A bit of a sidetrack as I was planning to blog with pics on the mod for putting your image above the menu bar (I still don't agree with Heather that her solution works, nyah) so I will get to that, but later.
I did want to mention a couple of things about posting questions about SharePoint (in newsgroups, forums, wherever). First, please read your posts before you click the big send button. I don't know how many times we sit there trying to decipher a request when there's a typo in it. Really. It's quite simple. Proof read your post (being a blog, question on a forum, or an email) and make sure it sounds like it makes sense. Okay, maybe I'm guilty of this on my blog but like I said, there have been more times than I can remember where I've been reading the newsgroups and questions are being thrown about that make absolutely no sense. Relax, take your time, and read your own scribblings before you inject them onto the world. Gonzo journalism is great, but you need to master it before you can fire off posts without editing. Seriously. It will expedite the process of getting an answer if the guy on the other end of the line knows what you're asking.
Next is the big one. Recently there's been a pretty meaty selection of posts and emails with people asking if SharePoint can do this or SharePoint can do that. Some don't even ask if the tool can do it but rather go to the big, dark place of "I have to implement x using SharePoint or I'll get <fired | castrated | exiled | etc.>". Guys (and girls), hate to break it to you but SharePoint is not a shape-shifting, set your phasers on stun, beast from 20,000 fathoms tool that is all things to all people all of the time.
Yeah, drink that in for a minute.
It has custom lists, document libraries, it's web based, can version documents, has security, audiences, single-sign on, blah, blah, blah, blah, blah, blah. However it does not: make you dinner; vacuum your living room; teach your 7 year old tennis; play ball with your dog; impregnate your cat; dust your buffet and hutch; talk to your Xbox 360 (well, maybe); or generally do stuff it wasn't designed for. Yeah, it's a great tool and one that is very powerful but you, as an implementer of SharePoint need to know the design boundaries of it and stop ripping it apart to do your bidding. You wouldn't use your light sabre for grating cheese would you? So stop making your SharePoint deployment do crazy things. Yes, it can do it but should it? Probably not.
C'mon people. Give your head a shake. If the answer to your problem isn't already in front of you then maybe it's not something that you should try to do. There's being creative, then there's just bastardizing the tool to make it do something. That's not creative, it's just plain dumb. Does Microsoft Word do a great job of editing information that might be better suited for a spreadsheet? Then use Excel. Use the right tool for the right job.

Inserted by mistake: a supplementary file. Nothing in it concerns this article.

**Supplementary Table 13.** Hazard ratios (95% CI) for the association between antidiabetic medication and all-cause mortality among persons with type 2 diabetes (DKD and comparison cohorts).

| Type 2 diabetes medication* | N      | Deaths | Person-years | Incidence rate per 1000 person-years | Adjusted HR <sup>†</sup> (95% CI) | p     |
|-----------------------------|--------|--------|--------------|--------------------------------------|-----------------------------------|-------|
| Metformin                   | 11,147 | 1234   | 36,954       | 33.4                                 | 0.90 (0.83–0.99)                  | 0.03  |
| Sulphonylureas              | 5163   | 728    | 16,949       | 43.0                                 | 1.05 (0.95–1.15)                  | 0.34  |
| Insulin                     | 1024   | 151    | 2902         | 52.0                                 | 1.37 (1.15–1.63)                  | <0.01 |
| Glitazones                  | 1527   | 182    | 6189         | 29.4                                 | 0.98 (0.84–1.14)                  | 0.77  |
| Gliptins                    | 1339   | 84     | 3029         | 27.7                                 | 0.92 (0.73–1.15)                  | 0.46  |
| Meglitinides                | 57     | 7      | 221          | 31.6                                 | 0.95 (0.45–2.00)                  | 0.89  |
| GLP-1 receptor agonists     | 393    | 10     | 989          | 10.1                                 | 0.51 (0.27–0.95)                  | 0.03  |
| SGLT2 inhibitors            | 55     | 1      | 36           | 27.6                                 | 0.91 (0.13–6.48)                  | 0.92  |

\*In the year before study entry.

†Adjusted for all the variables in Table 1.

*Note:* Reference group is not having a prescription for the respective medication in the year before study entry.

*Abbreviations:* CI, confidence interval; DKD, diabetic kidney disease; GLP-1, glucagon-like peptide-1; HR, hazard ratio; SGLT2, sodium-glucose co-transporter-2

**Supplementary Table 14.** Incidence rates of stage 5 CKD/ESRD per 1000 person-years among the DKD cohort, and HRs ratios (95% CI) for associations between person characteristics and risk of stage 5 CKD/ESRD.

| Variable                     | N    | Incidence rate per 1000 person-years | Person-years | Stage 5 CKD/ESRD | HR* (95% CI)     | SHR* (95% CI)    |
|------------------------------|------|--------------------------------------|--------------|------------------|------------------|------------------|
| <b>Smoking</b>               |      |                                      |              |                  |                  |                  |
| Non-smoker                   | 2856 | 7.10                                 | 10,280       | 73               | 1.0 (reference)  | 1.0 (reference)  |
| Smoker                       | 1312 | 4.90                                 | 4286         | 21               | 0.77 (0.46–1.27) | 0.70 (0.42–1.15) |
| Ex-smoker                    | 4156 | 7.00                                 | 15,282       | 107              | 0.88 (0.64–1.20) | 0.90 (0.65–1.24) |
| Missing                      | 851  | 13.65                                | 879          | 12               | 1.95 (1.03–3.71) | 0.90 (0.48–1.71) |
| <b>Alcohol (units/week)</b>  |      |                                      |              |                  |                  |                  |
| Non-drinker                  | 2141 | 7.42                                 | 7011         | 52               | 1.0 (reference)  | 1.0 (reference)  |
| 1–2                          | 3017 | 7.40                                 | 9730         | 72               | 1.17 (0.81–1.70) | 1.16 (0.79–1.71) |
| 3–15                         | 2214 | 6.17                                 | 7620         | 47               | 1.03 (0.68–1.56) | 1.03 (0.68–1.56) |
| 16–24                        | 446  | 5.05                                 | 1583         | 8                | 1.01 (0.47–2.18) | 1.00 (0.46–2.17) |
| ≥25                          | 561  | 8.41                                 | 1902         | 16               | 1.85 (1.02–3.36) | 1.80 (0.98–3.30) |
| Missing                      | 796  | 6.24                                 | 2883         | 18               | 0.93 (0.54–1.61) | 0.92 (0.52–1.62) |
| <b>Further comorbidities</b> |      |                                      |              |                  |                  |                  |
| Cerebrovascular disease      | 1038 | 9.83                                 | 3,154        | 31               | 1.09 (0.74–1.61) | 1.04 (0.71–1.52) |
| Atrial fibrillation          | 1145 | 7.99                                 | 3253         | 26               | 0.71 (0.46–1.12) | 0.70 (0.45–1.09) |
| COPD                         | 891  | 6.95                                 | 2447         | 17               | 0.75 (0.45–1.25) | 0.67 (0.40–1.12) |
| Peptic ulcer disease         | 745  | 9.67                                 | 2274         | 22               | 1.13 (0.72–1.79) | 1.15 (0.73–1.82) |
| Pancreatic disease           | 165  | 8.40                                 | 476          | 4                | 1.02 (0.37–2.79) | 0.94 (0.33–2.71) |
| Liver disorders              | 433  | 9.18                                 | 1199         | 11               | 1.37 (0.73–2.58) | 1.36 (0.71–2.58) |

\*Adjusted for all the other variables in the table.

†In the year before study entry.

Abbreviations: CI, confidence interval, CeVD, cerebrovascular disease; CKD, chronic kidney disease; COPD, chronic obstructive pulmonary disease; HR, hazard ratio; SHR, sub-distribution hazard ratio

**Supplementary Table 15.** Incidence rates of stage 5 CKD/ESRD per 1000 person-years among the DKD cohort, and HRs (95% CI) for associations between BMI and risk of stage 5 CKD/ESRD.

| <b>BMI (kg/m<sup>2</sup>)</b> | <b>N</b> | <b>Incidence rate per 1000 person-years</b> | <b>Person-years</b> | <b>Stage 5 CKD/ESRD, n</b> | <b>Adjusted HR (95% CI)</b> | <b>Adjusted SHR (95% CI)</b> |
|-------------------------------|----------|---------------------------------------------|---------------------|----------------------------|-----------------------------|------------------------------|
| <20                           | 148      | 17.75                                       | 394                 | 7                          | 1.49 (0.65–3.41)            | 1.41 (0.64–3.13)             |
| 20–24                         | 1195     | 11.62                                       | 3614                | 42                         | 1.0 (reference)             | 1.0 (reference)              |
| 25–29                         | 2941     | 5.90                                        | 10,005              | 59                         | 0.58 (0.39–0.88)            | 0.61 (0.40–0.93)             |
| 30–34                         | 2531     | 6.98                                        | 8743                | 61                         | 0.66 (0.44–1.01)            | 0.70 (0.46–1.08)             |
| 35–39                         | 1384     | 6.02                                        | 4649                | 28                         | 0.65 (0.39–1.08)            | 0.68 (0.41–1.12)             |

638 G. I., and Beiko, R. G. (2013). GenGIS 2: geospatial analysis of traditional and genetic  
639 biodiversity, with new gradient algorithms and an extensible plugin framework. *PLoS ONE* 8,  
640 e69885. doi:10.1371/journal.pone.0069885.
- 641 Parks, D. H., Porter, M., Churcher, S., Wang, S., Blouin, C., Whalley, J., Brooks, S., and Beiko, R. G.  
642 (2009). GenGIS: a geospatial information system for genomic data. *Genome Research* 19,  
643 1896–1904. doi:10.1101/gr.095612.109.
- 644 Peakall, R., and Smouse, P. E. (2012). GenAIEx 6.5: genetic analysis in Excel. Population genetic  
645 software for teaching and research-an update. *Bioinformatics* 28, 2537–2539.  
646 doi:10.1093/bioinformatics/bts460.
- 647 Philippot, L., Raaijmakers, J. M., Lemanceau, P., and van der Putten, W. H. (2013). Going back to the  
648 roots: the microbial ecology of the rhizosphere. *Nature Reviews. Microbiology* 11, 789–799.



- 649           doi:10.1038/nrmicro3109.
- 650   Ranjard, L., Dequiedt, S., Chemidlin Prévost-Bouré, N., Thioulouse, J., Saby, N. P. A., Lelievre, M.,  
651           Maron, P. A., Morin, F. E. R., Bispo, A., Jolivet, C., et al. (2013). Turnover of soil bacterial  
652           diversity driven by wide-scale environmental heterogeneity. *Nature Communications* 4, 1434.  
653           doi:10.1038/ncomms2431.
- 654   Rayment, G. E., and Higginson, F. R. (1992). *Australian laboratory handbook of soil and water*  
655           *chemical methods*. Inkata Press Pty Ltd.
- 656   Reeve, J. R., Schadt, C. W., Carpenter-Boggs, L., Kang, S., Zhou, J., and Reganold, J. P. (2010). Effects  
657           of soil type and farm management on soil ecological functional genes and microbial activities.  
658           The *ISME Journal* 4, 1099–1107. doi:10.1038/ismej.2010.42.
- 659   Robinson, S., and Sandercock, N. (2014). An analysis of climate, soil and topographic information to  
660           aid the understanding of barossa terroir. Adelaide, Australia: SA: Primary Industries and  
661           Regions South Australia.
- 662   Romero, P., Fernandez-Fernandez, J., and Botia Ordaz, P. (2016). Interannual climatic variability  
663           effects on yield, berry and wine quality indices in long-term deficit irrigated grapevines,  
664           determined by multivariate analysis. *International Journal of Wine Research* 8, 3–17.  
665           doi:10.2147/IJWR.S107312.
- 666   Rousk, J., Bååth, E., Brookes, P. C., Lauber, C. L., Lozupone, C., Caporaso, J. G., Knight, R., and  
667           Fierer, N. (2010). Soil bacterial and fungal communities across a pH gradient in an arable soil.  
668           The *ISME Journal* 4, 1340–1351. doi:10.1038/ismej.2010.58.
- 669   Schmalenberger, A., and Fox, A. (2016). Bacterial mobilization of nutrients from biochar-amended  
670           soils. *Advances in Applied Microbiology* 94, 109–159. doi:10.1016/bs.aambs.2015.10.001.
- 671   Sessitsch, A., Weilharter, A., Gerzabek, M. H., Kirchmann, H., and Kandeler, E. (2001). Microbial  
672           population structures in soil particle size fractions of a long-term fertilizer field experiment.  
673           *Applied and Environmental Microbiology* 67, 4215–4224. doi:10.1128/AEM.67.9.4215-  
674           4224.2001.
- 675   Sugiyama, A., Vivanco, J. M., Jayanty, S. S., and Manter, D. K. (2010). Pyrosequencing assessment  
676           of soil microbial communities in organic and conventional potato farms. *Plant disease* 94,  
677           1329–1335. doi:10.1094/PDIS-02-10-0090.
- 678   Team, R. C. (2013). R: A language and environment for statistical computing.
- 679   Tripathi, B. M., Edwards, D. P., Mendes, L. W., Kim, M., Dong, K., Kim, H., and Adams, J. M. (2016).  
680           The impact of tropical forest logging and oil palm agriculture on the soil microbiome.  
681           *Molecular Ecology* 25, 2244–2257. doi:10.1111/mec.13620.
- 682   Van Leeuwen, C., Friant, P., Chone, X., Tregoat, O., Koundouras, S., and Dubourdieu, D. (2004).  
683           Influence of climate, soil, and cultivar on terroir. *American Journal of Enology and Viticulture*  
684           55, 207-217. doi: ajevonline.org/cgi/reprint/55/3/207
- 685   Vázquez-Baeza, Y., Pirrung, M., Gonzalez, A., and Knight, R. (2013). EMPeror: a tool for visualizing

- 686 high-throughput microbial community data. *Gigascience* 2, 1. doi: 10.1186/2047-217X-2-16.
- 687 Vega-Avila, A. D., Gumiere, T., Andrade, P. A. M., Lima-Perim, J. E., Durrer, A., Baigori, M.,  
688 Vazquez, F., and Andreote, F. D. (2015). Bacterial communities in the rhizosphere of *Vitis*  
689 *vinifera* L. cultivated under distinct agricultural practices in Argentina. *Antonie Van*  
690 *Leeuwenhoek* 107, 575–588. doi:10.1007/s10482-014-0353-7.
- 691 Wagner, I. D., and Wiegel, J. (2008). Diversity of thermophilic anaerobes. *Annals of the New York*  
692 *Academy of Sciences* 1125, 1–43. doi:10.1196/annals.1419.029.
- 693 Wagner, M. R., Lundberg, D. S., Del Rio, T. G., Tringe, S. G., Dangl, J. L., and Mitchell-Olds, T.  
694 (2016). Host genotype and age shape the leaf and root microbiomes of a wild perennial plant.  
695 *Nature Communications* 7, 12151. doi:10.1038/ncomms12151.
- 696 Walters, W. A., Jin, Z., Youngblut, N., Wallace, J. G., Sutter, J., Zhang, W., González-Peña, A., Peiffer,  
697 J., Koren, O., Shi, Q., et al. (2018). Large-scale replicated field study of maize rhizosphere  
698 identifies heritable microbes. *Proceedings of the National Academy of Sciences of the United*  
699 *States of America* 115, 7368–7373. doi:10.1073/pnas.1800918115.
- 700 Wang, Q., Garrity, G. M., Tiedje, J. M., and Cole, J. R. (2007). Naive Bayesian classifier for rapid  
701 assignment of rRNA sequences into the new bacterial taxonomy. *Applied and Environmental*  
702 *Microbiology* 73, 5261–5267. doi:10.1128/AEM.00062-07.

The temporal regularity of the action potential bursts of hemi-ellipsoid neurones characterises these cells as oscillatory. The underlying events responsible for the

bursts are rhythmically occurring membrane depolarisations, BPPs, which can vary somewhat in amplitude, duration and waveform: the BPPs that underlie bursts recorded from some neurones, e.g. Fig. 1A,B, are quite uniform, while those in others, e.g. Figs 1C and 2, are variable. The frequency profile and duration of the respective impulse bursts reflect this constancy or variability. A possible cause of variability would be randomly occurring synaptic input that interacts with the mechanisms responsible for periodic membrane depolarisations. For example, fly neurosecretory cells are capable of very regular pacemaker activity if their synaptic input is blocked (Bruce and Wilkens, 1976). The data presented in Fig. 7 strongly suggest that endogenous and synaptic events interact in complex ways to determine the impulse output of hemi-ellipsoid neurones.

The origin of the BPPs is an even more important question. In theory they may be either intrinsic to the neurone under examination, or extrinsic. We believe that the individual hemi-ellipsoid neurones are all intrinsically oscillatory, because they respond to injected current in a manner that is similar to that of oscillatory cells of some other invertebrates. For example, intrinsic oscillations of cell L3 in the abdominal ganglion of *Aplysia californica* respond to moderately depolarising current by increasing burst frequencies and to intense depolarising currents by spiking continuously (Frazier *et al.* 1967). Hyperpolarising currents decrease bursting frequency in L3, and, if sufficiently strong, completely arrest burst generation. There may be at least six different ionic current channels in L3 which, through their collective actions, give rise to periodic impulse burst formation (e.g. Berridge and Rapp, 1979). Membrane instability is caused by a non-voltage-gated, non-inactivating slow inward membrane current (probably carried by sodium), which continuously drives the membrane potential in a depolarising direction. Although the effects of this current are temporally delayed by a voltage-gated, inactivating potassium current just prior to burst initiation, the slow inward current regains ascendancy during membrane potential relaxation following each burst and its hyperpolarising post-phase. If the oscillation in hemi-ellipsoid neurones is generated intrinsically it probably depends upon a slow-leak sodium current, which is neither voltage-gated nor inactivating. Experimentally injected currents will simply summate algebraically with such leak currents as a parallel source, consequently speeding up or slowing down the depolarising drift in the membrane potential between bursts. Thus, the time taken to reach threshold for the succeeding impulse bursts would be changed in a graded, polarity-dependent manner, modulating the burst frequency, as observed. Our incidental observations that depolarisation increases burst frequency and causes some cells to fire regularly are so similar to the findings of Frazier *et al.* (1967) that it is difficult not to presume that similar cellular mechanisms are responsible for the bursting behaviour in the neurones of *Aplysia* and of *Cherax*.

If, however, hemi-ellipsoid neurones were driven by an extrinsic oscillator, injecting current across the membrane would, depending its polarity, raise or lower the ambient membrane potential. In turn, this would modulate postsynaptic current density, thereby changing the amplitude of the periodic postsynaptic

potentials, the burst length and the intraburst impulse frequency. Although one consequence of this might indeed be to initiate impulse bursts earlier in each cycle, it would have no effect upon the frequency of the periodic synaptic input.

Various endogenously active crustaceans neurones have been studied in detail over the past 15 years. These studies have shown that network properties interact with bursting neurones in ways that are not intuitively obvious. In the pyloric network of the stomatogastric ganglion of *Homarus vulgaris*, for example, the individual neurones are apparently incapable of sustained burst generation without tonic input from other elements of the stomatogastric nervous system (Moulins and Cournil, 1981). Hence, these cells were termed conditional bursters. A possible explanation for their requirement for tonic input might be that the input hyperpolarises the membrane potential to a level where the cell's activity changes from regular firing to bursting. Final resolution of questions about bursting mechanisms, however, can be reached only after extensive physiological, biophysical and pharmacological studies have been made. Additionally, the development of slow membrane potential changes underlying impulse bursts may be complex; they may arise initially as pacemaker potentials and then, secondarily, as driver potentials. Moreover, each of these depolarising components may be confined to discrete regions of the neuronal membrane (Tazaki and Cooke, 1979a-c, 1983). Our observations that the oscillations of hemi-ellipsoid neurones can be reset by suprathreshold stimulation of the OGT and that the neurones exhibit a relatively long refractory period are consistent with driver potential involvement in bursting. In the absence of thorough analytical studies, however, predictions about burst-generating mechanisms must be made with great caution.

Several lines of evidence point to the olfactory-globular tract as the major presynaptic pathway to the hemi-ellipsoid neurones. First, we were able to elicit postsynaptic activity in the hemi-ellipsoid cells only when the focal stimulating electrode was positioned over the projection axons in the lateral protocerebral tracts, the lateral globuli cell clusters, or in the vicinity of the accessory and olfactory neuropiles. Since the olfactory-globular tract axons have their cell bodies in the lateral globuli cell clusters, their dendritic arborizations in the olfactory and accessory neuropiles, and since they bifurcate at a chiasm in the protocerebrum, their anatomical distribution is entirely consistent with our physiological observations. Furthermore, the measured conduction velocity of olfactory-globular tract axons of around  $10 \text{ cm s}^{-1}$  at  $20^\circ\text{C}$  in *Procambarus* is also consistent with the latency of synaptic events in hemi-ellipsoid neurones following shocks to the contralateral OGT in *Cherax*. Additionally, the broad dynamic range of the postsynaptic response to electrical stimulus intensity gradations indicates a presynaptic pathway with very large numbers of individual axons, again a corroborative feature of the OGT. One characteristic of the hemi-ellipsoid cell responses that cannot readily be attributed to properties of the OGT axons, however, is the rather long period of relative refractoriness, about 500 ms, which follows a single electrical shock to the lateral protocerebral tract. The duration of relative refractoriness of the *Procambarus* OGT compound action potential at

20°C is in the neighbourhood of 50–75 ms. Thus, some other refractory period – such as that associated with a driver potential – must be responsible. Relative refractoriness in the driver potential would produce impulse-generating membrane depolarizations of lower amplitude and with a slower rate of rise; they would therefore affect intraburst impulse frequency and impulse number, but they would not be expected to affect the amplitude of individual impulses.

Custom Web Parts can give you ultimate flexibility, but like anything they're expensive to develop. Yeah, even that 10 line Web Part to hide something on the page is 10 lines you have to feed, maintain, and grow. Update when the next version comes along. Add to version control. Document so when you get hit by a bus the next guy knows what it's used for. And so on. Development is fun but expensive so ask yourself if you can't solve a problem with an OOTB solution maybe adjust your problem (or it's parameters) so that it fits the technology you have to work from.
Web Parts will give you what you need, but at a price and too much of a good thing might be too much on a Web Part Page. 20 Web Parts on a single page, while they're all doing "important stuff" might take 30 seconds or so to render per person (as it's fetching data from all over the planet). Having this as your home page in your organization might just bring down your SharePoint server. Is this a design flaw or a launch problem? It's responsible development that you need to look at holistically and not just from the "I need x to solve my problem" type of approach.
In any case, you can achieve great things with a great tool but like any tool, you need to use it responsibly and with malice aforethought about what you're doing. Before you go off to build the uber-web part that will deliver everything under the sun, ask yourself if you really need it or can you leverage what you already have.
Trust me, you'll be better off in the long run.